Everything You Need to Know About the Scrum Master

The scrum master facilitates the key processes that lead to success on a scrum team, yet many don’t understand the position. Learn what the scrum master role is all about.

Updated May 31, 2020

Agile dominates as the most common approach to project completion. According to a report by the Project Management Institute, 71% of organizations use some version of agile project management.

Agile removes organizational constraints on a team so they can rapidly drive toward completing a project’s scope of work.

What does agile have to do with scrum masters? While agile is the concept, scrum provides the process for executing a project using agile techniques, and the scrum master makes that process possible. Scrum is one of the most popular agile project management frameworks employed today.

Overview: What is a scrum master?

Scrum involves several distinct procedures and artifacts, which refer to the components essential to the scrum process, such as the backlog of work to be completed. A team must employ these procedures and artifacts in a specific manner for scrum to work. That’s where the scrum master comes in.

The scrum master facilitates a project team’s scrum process and ensures the team applies agile principles. The title comes from the idea that the scrum master is an expert at scrum and can thus coach others. The scrum master acts as the glue connecting scrum participants to the scrum process.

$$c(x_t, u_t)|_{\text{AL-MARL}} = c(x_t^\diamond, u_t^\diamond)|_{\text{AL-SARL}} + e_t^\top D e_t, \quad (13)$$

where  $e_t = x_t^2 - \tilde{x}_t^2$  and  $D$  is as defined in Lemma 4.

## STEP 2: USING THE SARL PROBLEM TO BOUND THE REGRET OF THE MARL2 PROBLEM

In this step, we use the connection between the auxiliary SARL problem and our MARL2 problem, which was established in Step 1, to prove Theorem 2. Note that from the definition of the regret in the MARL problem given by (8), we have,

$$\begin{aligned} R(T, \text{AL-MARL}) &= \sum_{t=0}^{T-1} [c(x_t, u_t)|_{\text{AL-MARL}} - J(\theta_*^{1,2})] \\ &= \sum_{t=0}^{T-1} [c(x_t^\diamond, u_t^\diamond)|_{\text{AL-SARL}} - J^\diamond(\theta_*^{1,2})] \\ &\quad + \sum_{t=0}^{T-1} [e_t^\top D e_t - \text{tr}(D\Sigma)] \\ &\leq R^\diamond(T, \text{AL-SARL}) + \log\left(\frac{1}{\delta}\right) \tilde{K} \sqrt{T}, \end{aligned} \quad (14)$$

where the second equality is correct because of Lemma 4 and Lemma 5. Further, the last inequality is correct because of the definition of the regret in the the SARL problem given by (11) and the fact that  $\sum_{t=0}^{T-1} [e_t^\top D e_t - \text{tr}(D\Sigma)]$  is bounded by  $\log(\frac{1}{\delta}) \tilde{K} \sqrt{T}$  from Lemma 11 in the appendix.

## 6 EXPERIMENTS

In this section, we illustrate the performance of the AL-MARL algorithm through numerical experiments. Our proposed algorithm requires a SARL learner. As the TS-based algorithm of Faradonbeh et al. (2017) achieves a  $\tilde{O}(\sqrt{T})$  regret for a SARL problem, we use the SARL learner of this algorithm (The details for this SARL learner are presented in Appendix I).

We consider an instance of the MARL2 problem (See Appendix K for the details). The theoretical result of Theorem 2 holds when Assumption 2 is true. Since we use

Imagine the scrum master as akin to a personal trainer at a gym. The trainer guides your workout and helps you achieve your fitness goals, but you must put in the work to make it happen. The same goes for a scrum team. The team executes the work, and the scrum master guides them toward their goals.

Scrum master vs. project manager: What's the difference?

It’s natural to confuse the scrum master and project manager roles. Scrum works within a decentralized team structure, so the project manager position doesn’t exist. This leads people unfamiliar with scrum to assume the scrum master acts as the project manager.

In reality, the scrum master handles virtually none of the responsibilities of a traditional project manager.

The project manager leads a team toward achieving the project scope, overseeing all aspects of a project such as budgets, resources, and task completion.

Scrum relies on teams to self-organize, so the concept of a scrum leader doesn’t exist. The team members themselves determine the tasks to address within a sprint, which represents a time-boxed interval of work typically lasting two weeks.

The scrum team works as a cohesive whole to drive toward the sprint’s goals, so the project manager role is superfluous. Instead, the agile scrum master guides the team and manages the process to ensure the group achieves its sprint objectives.

The roles and responsibilities of a scrum master

The role of scrum master has no authority over the project team. Instead, the scrum master works as a facilitator to help the team achieve its goals. This means the scrum master performs in several roles unique to scrum.

1. Process owner

One of the key scrum master responsibilities is to serve as the owner of the scrum process. The scrum master doesn’t decide what the scrum team works on. Instead, the scrum master helps the group apply scrum methodologies as the means to achieve a project’s deliverables.